Hit-and-Run

I once attended a networking event – sort of a coffee-and-schmooze deal – first thing in the morning on a Tuesday.  When I arrived, I was impressed to see a very full house – about 100 people milling about, eating pastries, coffee in hand, visiting with one another.  The event was held in an historic landmark building that had been refurbished and was now housing a longtime, multi-generation family-run business that had enjoyed more than a century of success.  I was hopeful.  Great venue.  Great turnout.  That’s as far as I got when my personal space was suddenly invaded!

 

What came next was this:

Hank:    Hi!  I’m Hank.  What’s your name?  Here’s my card.  Do you have a card on you?  I sell transportation services to small businesses.  Does your business ever need transportation services?

Alana:  Hello.  I’m Alana.  Here’s my card.  Yes, we do use transportation services and already have a provider with which we are very happy.

Hank:    OK, great!  Well, I will give you a call and send you a package of information.  Need move on now.  Want to meet a few more business operators before the event is over. 

 

Whoa!  More than an introduction, that felt like a hit-and-run!  I suppose to Hank’s credit(?) (and, by the way, the name and line of business have been changed to spare poor Hank from embarrassment), he did send over a package of information, and followed up with several emails, and called me on numerous occasions.  Here’s the deal:  I am unlikely to ever seek Hank’s services.  For him, networking is a drive-by sport.  He is obviously on a mission to collect as many business cards as possible and call that success.  To me, however, a massive business card collection does not lead generation make, let alone lasting, enduring, meaningful relationships!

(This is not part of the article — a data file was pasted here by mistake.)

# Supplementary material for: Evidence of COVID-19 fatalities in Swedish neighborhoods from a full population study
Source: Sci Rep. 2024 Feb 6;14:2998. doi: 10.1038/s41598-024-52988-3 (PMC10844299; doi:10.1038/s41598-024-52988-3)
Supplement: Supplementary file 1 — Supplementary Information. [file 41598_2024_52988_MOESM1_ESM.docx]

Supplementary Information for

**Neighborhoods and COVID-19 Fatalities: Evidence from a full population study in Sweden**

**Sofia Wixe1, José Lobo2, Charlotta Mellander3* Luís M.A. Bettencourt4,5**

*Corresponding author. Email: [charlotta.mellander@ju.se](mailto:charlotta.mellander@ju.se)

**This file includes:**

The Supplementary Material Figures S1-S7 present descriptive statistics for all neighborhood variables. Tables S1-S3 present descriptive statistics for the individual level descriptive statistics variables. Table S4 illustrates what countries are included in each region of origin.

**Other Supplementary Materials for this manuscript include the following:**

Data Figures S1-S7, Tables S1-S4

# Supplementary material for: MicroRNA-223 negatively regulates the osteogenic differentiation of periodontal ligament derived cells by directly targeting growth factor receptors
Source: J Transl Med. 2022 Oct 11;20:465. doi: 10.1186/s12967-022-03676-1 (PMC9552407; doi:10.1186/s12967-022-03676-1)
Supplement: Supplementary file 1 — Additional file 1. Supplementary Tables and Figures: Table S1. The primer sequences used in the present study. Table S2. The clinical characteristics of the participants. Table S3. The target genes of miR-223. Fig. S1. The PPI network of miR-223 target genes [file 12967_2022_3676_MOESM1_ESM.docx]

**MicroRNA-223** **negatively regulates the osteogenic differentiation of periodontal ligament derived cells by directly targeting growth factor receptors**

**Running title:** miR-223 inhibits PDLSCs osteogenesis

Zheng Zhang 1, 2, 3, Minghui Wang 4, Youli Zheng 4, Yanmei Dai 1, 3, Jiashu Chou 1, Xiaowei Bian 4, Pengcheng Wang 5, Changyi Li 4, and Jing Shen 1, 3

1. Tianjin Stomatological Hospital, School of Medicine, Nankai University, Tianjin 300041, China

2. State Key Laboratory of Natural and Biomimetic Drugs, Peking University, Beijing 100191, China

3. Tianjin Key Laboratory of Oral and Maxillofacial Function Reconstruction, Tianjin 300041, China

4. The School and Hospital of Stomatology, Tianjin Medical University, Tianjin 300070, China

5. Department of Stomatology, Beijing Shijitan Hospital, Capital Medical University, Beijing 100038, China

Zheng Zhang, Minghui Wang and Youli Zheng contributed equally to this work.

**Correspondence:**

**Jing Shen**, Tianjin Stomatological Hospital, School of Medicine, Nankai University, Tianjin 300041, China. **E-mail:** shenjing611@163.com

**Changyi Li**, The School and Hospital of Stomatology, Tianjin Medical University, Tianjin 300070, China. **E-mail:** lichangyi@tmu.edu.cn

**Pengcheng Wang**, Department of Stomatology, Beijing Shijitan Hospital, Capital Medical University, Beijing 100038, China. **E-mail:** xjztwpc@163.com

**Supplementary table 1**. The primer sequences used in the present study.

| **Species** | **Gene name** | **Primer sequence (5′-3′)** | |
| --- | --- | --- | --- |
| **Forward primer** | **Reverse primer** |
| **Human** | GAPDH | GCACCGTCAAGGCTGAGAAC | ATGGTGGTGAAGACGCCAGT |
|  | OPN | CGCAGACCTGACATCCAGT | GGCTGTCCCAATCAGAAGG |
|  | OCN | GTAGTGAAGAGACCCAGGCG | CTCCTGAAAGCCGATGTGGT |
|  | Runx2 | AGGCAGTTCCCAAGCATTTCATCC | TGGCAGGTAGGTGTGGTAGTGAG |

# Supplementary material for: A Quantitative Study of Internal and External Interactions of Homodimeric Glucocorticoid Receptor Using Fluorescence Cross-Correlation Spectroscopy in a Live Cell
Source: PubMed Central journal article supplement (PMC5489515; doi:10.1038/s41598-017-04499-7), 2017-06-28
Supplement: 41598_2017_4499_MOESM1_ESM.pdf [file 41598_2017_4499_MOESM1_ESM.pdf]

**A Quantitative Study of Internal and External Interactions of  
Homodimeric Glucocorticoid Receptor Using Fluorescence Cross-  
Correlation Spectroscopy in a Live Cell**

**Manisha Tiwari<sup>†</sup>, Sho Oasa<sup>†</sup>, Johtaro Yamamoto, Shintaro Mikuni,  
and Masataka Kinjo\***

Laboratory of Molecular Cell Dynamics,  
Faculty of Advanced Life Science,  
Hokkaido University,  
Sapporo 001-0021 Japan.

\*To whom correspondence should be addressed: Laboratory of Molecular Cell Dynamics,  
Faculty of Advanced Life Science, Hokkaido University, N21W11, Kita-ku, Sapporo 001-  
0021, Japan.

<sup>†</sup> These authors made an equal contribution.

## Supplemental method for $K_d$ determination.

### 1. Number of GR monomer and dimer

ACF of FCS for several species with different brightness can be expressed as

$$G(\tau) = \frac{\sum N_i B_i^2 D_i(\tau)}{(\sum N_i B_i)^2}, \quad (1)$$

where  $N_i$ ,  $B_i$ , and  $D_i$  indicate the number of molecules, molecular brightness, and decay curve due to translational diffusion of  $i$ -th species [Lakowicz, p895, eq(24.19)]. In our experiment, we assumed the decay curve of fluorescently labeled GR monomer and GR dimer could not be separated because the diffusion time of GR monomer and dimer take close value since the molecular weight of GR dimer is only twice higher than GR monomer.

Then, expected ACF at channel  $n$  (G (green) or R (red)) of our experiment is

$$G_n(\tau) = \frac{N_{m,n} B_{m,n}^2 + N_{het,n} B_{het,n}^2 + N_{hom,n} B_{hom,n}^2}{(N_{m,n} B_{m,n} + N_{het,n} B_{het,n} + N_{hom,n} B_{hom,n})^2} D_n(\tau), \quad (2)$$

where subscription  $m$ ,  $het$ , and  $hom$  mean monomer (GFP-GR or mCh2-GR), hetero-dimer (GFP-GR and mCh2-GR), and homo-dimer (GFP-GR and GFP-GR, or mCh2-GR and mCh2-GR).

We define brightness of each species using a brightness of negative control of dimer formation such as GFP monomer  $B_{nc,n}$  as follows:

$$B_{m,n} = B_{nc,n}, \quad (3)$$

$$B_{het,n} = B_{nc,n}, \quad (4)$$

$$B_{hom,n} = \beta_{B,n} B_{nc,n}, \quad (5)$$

The point of this sad, sad saga?  I am often asked to comment on how to maximize participation in large networking events.  For many folks, including myself, this is one of the least preferable ways to network.  It seems impersonal and, as I sometimes describe these sorts of affairs, they can feel sort of like the “meat market” of networking (a la my experience with Hank).  That said, they are important and necessary and can be, when done right, very productive.

 

With that in mind, let’s spend some time getting ready for these large events or “meet-ups.”  Not everyone who is good at one-on-one networking is naturally good at or likes going out to networking functions where they may be walking into a room filled with strangers. If you dread these events, try to remind yourself that not only are they often professionally useful, they can also be fun if approached the right way. And who knows? You might make a new friend or two.

 

So how should you approach networking events to get the most bang for your buck, even if you are one of those people who dread them?

 

Step one is to carefully select the events you choose to attend. Don’t feel compelled to be at every event to which you’re invited. I like to think about networking events in the following terms:

  • Why should I attend this event?
  • What is the purpose of attending? Am I seeking new referrals or new contacts for my existing professional network?
  • Is this the sort of gathering where I should be seen, and where I will meet connectors and influencers? If so, would it be good for building my profile?
  • Am I looking for the support of my peer group, or to collect as much information as possible about my industry or my community?
  • Does it just sound like a cool event that I could attend with a friend, and we’d both have a great time?

 

Once you’ve figured out your intention for attending the event or meet-up and assessed whether the event actually offers what you are looking for, put it on your calendar! If you are nervous about attending alone, ask a friend who also might get something out of participation in the event to join you. But if you do go with someone, be sure you don’t just stand in a corner together all night. Fan out, reach out, and connect.

 

This is an important topic – in fact, Chapter Seven, “Step Outside Your Comfort Zone,” of my book, Coffee Lunch Coffee:  A Practical Field Guide for Master Networking, is devoted fully to this issue.  Given how unappealing most of us think these types of events can be, I will spend the next few posts providing some perspective that I believe you will find useful.  Tomorrow:  Tips for getting past the awkwardness of large events to make them fun and productive.

 

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